“The national public broadcaster RAI and several cinemas and TV productions have their headquarters in Rome, a city that also hosts renowned audiovisual professionals and technicians, providing precious human resources in this field,” says Italian culture minister Dario Franceschini. “Rome is also a natural location, perfect as a movie set and, now, Italy is a production-friendly country thanks to the tax credit for audiovisual and cinema industries.”
But it’s not just the top-tier talent that is bringing Hollywood back to Rome. The famed Cinecitta Studios are getting a massive renovation after being returned to state ownership this summer after years of private control.
“We are a state company. We don’t have to share profits with anybody,” says new CEO Roberto Cicutto, who expects to break even by 2020. “Everything will be invested back into the studios to make our facilities better and better for our customers.”
The industry is hoping that the combination of the tax credits and renovated facilities will help put Rome back on par with U.K. and Irish film offerings. “A variable amount between 15 percent and 40 percent of the investment can be deducted from taxation, an excellent benefit for this creative industry,” Franceschini explains.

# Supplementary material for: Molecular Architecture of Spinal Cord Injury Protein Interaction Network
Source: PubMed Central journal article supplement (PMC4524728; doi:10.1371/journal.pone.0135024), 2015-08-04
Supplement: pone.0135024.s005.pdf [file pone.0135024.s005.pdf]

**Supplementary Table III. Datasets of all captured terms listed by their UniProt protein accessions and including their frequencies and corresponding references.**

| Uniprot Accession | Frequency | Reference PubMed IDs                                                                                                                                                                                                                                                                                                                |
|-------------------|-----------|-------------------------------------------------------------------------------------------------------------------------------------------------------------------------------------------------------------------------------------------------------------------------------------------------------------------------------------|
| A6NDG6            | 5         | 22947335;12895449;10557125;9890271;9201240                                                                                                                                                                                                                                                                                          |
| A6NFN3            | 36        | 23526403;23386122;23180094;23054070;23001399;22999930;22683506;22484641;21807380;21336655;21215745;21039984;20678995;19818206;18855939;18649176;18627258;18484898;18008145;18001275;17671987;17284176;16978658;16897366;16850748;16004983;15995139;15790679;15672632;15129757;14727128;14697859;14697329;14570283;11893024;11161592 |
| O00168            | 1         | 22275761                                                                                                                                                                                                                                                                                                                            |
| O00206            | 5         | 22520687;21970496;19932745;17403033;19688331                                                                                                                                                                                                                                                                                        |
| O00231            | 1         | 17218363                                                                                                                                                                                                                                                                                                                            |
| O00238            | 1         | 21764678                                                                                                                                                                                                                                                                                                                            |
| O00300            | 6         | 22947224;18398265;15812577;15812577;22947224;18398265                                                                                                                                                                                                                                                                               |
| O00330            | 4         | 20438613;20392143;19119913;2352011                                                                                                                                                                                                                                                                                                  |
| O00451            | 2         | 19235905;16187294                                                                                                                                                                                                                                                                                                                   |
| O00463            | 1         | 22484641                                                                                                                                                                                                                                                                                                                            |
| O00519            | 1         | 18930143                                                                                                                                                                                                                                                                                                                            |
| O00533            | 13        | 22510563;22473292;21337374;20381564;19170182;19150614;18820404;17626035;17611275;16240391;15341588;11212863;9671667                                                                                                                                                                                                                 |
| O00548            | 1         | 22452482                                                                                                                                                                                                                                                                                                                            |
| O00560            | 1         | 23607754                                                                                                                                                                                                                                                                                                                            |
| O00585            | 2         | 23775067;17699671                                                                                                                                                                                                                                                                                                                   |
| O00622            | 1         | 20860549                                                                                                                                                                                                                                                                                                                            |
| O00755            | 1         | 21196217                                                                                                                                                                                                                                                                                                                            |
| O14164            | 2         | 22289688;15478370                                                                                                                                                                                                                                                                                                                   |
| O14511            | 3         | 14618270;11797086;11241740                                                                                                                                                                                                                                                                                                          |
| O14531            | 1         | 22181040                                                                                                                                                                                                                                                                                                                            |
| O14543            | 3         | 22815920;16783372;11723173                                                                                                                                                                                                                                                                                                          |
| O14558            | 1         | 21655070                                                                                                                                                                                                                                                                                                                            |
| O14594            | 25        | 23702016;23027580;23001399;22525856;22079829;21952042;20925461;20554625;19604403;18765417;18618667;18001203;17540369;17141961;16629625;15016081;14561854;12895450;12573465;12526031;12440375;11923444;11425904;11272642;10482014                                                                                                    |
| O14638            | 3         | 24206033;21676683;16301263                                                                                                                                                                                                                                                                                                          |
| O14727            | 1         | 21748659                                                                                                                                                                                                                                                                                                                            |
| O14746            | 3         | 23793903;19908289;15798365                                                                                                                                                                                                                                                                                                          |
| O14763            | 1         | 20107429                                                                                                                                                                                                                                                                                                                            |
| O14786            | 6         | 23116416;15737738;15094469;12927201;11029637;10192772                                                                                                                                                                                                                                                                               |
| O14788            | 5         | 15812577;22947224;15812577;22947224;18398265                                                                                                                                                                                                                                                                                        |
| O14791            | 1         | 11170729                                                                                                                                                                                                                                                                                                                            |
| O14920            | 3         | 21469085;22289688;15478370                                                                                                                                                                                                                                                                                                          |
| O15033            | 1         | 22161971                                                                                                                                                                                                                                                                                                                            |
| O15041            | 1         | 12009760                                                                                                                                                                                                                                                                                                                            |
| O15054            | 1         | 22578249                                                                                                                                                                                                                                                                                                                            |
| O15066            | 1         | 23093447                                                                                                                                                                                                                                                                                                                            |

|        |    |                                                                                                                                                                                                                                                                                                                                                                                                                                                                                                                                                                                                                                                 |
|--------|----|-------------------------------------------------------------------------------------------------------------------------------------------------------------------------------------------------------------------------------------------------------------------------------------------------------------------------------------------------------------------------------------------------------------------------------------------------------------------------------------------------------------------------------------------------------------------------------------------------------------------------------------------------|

Perhaps most importantly, the new tax benefits, up 60 percent with an annual minimum allocation of $472 million, will be easier than ever to pocket. “We are setting up a way to recoup taxes very, very quickly. It was a nightmare before,” Cicutto says.
And Hollywood is quickly taking note. Longtime HBO producer Ilene Landress, who had a great experience shooting The Sopranos in Naples more than a decade ago, said it didn’t take much to convince her to attend MIA. “Cacio e Pepe? A good Barolo? I can do Rome,” she says, noting that she is interested in learning more about the local offerings. “It’s always interesting to meet the international players. I don’t even look at it as TV anymore. It’s screens, global screens.”
Studio 8’s head of television Katherine Pope is also excited about having the opportunity to sit down and connect with local talent. “I think the goal is to build relationships,” she says. “I saw that happen 10 years ago in the U.K. Those shows started increasing in quality, and those writers started crossing borders. That’s something we should be excited about. In a world where you watch Netflix all day, and subtitles all day, the language barriers are no longer an issue for audiences.”